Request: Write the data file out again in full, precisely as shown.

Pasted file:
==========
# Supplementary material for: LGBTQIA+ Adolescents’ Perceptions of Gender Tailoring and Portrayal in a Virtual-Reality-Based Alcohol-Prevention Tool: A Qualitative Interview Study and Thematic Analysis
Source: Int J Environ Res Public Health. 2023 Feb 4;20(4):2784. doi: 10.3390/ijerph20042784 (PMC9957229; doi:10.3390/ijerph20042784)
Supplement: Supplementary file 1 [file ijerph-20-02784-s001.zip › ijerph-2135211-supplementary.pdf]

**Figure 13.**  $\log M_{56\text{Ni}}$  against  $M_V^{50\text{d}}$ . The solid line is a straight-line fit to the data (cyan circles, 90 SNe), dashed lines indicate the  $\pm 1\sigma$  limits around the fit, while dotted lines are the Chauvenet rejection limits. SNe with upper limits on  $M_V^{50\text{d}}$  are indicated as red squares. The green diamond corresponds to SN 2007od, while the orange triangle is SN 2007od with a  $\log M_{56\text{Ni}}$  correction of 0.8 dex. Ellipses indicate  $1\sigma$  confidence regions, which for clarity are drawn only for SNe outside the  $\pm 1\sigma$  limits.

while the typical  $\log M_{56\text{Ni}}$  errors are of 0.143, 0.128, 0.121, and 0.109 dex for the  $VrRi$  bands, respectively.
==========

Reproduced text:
# Supplementary material for: LGBTQIA+ Adolescents’ Perceptions of Gender Tailoring and Portrayal in a Virtual-Reality-Based Alcohol-Prevention Tool: A Qualitative Interview Study and Thematic Analysis
Source: Int J Environ Res Public Health. 2023 Feb 4;20(4):2784. doi: 10.3390/ijerph20042784 (PMC9957229; doi:10.3390/ijerph20042784)
Supplement: Supplementary file 1 [file ijerph-20-02784-s001.zip › ijerph-2135211-supplementary.pdf]

**Figure 13.**  $\log M_{56\text{Ni}}$  against  $M_V^{50\text{d}}$ . The solid line is a straight-line fit to the data (cyan circles, 90 SNe), dashed lines indicate the  $\pm 1\sigma$  limits around the fit, while dotted lines are the Chauvenet rejection limits. SNe with upper limits on  $M_V^{50\text{d}}$  are indicated as red squares. The green diamond corresponds to SN 2007od, while the orange triangle is SN 2007od with a  $\log M_{56\text{Ni}}$  correction of 0.8 dex. Ellipses indicate  $1\sigma$  confidence regions, which for clarity are drawn only for SNe outside the  $\pm 1\sigma$  limits.

while the typical  $\log M_{56\text{Ni}}$  errors are of 0.143, 0.128, 0.121, and 0.109 dex for the  $VrRi$  bands, respectively.